At times, the rest of the band shares this newfound freeness. The soloing is top notch throughout, and sometimes, as during a less aggressive section of “Golgothan Tongues,” both guitarists intertwine leads while Kulick provides responses. It’s the kind of lush interplay that wouldn’t work with a less cohesive unit, and it permeates every second of Idol. At other times, however, those solos take center stage, flying out of whatever glorious setup the song gives them and soaring to the next destination. (It really can’t be overstated: The leads on this record are spectacular.)
This sort of freeness and occasional improvisation isn’t even the biggest sign of maturity. Horrendous’ most striking trait is their ability to make each song feel like a complete journey. It’s rather amazing how much… distance is packed within each tune, which creates both anticipation and a pretty big replay urge. “Divine Anhedonia” is one of the best examples, emerging out of an “Atheist is warming up” vibe to explode into speed, get twitchy-blasty, arrive at the most neck-wrecking riffs on the record, and even offer some real singing before finding an abrupt ending. It’s an Opeth level of content in a song that is barely five minutes long. Slightly more Opeth in length is closer “Obulus,” which hints at the album climax early on but then deviates into a passage of extended soloing or some new version of a previous motif. It’s a striking bit of scene building and deconstruction that might not arrive at the destination you expected, and closes the record with an eerie tension.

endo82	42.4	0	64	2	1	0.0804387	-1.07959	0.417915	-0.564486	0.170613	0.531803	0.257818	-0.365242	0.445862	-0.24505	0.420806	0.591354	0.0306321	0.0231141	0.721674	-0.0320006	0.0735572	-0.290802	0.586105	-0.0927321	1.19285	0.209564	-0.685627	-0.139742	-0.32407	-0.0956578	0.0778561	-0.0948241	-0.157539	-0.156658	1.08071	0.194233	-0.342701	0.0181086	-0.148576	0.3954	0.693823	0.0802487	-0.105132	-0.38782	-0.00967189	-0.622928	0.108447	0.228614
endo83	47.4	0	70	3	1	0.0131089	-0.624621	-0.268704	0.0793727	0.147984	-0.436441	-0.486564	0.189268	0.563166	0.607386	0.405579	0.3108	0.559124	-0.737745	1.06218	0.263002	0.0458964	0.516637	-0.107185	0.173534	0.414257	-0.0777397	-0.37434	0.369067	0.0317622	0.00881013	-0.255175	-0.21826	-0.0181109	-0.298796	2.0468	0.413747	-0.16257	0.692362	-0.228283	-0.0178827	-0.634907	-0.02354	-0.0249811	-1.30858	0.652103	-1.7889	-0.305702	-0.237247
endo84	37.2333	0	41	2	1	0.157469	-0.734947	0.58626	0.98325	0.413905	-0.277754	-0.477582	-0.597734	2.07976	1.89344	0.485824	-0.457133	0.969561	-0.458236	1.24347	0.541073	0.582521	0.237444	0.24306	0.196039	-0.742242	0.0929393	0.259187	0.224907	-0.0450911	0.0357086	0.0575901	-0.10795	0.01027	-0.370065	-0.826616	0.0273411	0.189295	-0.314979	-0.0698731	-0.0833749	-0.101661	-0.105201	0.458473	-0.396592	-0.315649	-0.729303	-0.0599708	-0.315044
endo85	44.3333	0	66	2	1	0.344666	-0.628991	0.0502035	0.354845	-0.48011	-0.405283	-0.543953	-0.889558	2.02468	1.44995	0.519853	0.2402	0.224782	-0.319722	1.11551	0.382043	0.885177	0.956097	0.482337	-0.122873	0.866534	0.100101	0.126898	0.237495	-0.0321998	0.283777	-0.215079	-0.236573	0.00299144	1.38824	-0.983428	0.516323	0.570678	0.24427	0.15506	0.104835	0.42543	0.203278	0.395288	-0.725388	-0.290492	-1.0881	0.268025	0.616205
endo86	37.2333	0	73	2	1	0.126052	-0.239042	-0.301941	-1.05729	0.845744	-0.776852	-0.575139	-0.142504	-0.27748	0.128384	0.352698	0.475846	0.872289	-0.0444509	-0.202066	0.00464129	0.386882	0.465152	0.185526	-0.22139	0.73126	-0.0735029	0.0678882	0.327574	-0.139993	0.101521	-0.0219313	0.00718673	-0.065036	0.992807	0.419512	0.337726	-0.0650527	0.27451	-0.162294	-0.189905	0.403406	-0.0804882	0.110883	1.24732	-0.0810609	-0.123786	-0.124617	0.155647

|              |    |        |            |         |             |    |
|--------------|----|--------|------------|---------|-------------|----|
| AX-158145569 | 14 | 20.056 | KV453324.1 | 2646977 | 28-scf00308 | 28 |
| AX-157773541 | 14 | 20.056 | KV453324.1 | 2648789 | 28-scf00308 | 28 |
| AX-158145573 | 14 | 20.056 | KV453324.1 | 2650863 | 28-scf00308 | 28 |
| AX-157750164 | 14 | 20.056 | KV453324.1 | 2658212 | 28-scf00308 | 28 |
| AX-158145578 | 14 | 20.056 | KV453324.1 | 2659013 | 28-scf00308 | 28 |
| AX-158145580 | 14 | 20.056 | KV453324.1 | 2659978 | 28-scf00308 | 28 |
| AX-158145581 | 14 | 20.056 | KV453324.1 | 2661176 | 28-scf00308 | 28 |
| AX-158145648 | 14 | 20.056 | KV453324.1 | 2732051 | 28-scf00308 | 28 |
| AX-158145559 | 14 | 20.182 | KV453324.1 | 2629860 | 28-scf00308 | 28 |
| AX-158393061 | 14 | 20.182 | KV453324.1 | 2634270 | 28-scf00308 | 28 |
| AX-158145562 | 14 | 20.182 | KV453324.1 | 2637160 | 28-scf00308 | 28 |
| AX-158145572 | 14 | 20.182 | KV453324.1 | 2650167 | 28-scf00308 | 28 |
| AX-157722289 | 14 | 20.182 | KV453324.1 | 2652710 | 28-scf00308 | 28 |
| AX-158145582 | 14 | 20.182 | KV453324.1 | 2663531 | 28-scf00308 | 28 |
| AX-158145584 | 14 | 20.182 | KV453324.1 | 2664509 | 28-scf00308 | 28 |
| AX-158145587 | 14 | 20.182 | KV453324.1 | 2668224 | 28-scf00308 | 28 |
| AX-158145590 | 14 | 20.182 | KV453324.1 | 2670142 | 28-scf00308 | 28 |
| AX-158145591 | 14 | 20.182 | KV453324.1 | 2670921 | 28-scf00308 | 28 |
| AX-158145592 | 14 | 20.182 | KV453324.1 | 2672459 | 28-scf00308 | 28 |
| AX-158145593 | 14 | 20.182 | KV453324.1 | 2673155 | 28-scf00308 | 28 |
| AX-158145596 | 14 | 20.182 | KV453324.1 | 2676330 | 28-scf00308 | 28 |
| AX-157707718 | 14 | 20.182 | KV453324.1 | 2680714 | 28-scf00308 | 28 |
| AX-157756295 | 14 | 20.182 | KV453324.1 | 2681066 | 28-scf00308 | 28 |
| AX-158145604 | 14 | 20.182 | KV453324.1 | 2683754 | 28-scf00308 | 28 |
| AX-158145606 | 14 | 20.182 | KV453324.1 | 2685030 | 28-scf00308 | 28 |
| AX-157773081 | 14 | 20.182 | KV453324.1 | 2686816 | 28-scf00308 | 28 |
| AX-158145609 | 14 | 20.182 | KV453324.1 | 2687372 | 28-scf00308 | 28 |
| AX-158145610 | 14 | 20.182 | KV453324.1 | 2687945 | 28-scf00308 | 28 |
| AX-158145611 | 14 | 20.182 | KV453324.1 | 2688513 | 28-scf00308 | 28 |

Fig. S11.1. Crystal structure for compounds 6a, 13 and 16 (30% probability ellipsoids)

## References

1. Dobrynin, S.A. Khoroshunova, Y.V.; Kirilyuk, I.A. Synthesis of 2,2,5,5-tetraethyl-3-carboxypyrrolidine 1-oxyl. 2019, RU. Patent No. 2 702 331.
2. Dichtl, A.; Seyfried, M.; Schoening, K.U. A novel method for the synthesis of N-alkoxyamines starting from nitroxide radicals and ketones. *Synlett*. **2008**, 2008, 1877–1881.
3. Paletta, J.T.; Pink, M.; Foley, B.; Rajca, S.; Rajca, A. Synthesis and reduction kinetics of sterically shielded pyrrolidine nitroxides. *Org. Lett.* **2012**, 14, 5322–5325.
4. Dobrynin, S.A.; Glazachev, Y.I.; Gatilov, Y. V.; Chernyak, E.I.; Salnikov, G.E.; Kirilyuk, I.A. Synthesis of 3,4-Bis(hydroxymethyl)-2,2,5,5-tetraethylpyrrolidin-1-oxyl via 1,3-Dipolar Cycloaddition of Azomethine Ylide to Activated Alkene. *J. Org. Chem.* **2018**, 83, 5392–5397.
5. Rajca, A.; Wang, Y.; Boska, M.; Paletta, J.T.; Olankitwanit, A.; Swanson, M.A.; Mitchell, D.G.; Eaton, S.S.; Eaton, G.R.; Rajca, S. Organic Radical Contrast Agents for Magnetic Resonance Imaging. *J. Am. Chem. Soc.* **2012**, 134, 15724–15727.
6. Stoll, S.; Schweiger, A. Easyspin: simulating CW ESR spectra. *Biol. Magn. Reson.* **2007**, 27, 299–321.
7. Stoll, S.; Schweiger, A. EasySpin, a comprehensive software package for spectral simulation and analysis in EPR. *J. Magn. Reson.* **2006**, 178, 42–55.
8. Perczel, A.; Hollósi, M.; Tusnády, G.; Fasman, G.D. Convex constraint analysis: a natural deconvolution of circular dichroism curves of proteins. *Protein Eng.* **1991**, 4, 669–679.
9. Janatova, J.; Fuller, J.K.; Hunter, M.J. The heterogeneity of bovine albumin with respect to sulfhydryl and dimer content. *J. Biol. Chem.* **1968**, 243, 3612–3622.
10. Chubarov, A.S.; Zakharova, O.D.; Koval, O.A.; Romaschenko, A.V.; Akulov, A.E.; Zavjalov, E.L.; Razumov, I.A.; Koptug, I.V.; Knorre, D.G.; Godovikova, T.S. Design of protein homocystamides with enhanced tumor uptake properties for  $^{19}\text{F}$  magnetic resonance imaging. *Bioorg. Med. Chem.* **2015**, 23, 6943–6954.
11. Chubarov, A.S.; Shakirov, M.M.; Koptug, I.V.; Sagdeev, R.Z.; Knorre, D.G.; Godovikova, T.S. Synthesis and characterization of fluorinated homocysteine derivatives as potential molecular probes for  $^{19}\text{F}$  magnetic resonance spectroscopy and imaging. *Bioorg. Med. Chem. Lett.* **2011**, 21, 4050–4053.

Now… for the vocals, which have long been the great double-edged sword of the Horrendous sound. Both Herring and Knox have an incredibly throaty, gruff approach that sounds… quite painful to perform (like a parched Martin van Drunen being sliced by razors). On one hand, one of the two men is obviously better at vocal performance (apologies for not knowing which is which on record), and the difference can sometimes be a mite distracting. On the other, both should be praised for trying to inject the vocals with any expression whatsoever. So many of the current crop of throwback death metal bands treat vocals as an afterthought, just growling with zero rhythm underneath the maelstrom. By contrast, Horrendous shows how much punch can be added simply by trying to do something more with the voices (personality, eh?), even if certain vocal passages remain the one possible area for improvement.
Everything else about this band is firing on all cylinders, and each new album shows them discovering new cylinders. This, more than riff styles or melodic tendencies or song construction or technical ability is what makes Horrendous so comparable to the Deaths and Atheists of yesteryear. While it is still fairly easy to hear the musical sides of these influences, Horrendous obviously also values those bands’ restless exploration. They’re never going to duplicate their heroes’ level of innovation (duh), but that isn’t the point. The point is merely staying hellbent on carving their own path. As long as Horrendous keeps delivering albums as infinitely listenable and engrossing as Idol, it’s going to be really great watching them wield that machete.